Luck, 24, was sanctioned for his use, attempted use and possession of human growth hormone ("hGH"), a Prohibited Substance in the class of Peptide Hormones, Growth Factors and Related Substances, and testosterone, a Prohibited Substance in the class of Anabolic Agents. Both substances are prohibited under the USADA Protocol for Olympic and Paralympic Movement Testing and the International Cycling Union ("UCI") Anti-Doping Rules, both of which have adopted the World Anti-Doping Code ("Code") and the World Anti-Doping Agency Prohibited List. Due to Luck's voluntary admission of his anti-doping rule violations and full and truthful cooperation with USADA officials since the start of its investigation, he is eligible for a reduced sanction as allowed by the Code.
Luck's period of ineligibility began on January 22, 2015, the date he admitted his anti-doping rule violations to USADA. In addition, Luck has been disqualified from all competitive results obtained on and subsequent to August 5, 2013, the approximate date from which he admitted to first receiving hGH and testosterone, including forfeiture of any medals, points and prizes.
In an effort to aid athletes, as well as all support team members such as parents and coaches, in understanding the rules applicable to them, USADA provides comprehensive instruction on its website on the testing process and prohibited substances, how to obtain permission to use a necessary medication, and the risks and dangers of taking supplements as well as performance-enhancing and recreational drugs. In addition, the agency manages a drug reference hotline, Drug Reference Online (www.GlobalDRO.com), conducts educational sessions with National Governing Bodies and their athletes, and proactively distributes a multitude of educational materials, such as the Prohibited List, easy-reference wallet cards, periodic newsletters, and protocol and policy reference documentation.
USADA is responsible for the testing and results management process for athletes in the U.S. Olympic and Paralympic Movement, and is equally dedicated to preserving the integrity of sport through research initiatives and educational programs.
Lees-McRae College Statement | Carter Luck Accepts Doping Sanctions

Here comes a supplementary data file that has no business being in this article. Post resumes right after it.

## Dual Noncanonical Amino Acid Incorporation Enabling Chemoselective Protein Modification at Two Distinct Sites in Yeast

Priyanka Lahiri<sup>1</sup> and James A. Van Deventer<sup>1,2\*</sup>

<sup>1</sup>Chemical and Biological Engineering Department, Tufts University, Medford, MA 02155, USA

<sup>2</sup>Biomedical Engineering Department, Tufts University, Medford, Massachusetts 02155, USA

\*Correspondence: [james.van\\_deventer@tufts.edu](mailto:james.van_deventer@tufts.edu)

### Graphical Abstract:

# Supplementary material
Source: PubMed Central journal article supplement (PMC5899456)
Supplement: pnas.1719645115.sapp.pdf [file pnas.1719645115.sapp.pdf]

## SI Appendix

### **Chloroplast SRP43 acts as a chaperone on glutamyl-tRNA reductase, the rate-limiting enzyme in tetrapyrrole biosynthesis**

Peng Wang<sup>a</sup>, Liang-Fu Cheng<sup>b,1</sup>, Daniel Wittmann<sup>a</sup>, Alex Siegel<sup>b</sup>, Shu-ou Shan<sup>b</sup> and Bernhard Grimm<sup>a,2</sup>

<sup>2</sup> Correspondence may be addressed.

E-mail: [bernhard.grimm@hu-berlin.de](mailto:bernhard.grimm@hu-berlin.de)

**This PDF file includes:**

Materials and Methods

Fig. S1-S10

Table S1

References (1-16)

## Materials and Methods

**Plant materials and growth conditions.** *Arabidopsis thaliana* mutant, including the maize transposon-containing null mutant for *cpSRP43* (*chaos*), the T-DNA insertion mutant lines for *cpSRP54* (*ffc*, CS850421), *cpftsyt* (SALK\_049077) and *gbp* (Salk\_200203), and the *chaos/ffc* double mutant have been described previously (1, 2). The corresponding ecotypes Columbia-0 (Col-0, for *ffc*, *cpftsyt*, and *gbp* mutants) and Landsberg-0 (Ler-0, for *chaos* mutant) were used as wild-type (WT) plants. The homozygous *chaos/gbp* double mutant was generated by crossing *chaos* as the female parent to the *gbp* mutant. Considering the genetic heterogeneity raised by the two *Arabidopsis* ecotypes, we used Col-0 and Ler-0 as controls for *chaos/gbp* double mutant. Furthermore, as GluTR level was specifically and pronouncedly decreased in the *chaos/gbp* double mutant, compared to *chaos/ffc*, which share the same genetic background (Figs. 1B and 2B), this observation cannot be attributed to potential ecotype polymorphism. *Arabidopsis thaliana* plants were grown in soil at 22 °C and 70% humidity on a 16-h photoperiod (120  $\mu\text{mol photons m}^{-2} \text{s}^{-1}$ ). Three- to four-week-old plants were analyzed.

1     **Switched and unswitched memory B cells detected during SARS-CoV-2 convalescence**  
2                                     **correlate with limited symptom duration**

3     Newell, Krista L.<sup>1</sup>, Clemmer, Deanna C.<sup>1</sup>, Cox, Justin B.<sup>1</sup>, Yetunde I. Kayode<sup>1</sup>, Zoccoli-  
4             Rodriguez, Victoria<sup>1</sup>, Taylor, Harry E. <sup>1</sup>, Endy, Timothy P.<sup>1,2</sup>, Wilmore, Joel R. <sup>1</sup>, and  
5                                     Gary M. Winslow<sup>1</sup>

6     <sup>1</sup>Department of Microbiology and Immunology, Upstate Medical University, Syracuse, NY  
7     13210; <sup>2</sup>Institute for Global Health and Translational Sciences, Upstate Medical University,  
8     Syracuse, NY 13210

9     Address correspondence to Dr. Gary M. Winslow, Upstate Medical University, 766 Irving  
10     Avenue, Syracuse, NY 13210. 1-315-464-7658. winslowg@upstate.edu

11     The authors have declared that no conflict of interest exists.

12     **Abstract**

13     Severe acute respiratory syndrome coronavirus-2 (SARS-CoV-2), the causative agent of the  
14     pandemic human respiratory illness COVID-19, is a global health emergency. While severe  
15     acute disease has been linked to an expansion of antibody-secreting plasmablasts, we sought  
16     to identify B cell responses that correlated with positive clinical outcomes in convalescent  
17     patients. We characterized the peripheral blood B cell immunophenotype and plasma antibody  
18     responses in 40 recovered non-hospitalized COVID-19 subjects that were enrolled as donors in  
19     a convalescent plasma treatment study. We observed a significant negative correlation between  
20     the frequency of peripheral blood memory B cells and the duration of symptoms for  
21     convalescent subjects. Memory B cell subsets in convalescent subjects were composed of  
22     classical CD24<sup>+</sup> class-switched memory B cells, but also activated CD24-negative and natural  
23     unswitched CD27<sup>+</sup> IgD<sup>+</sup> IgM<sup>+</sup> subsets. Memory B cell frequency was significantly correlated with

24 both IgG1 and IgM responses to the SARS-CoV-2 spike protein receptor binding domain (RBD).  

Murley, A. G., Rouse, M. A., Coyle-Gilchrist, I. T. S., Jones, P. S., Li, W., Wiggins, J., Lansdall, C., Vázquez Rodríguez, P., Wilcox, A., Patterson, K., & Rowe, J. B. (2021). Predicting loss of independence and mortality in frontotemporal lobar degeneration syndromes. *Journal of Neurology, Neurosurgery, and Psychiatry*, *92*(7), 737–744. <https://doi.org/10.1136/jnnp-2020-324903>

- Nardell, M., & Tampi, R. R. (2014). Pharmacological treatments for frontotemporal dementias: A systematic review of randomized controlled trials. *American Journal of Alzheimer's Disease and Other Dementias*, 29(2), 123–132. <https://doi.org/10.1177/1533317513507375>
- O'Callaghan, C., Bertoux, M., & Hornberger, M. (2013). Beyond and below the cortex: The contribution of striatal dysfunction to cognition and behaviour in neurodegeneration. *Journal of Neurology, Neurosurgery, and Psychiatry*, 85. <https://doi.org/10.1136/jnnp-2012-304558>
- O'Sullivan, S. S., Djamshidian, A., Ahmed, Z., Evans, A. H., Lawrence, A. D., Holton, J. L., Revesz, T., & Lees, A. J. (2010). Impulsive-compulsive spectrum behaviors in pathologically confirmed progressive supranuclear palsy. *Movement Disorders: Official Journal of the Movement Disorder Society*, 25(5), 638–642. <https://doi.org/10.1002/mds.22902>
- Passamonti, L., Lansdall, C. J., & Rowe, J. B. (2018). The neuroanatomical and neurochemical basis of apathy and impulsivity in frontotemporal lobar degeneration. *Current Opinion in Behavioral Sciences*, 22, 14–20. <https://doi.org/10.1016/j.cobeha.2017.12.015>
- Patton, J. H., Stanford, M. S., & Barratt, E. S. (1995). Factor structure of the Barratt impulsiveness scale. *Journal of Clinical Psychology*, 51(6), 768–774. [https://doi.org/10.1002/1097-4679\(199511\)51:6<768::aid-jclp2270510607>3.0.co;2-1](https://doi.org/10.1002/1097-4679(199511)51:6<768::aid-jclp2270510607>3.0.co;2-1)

Lees-McRae College is disappointed to learn of the USADA sanction against student-athlete, Carter Luck, for his use, attempted use, and possession of banned performance enhancing drugs. Luck cooperated fully with the USADA officials throughout the investigation, voluntarily disclosing information and providing physical evidence as needed.
"It is with great regret and sadness to have to address my sanction during this difficult time for my family. I have fully accepted the USADA sanction for the use of performance enhancing drugs for six weeks beginning August 1st to September 28th 2013. I am ashamed of my actions and will forever regret my poor choice. It is important to note that Lees-McRae College had absolutely no knowledge of my doping. In addition, no Lees-McRae athletes were in any way involved in my doping. I came forward, having never been tested by USADA, to shed light on a growing issue of doping in the sport of Motocross and Supercross. I hope that by my forthcoming we can help make sure this is not an issue for future athletes," Luck stated after learning of his sanction.
Lees-McRae's internal investigation has concluded that this was an isolated incident and does not indicate a problem within the College's cycling program. The Lees-McRae Cycling Team coaches are committed to promoting clean competition. This sanction is an opportunity for our College to educate athletes on the dangers associated with the use of performance enhancing drugs while emphasizing the importance of taking responsibility for one's actions.
For further information regarding this sanction or the Lees-McRae College cycling program, please contact Coach Timothy Hall at email@example.com.
– LMC –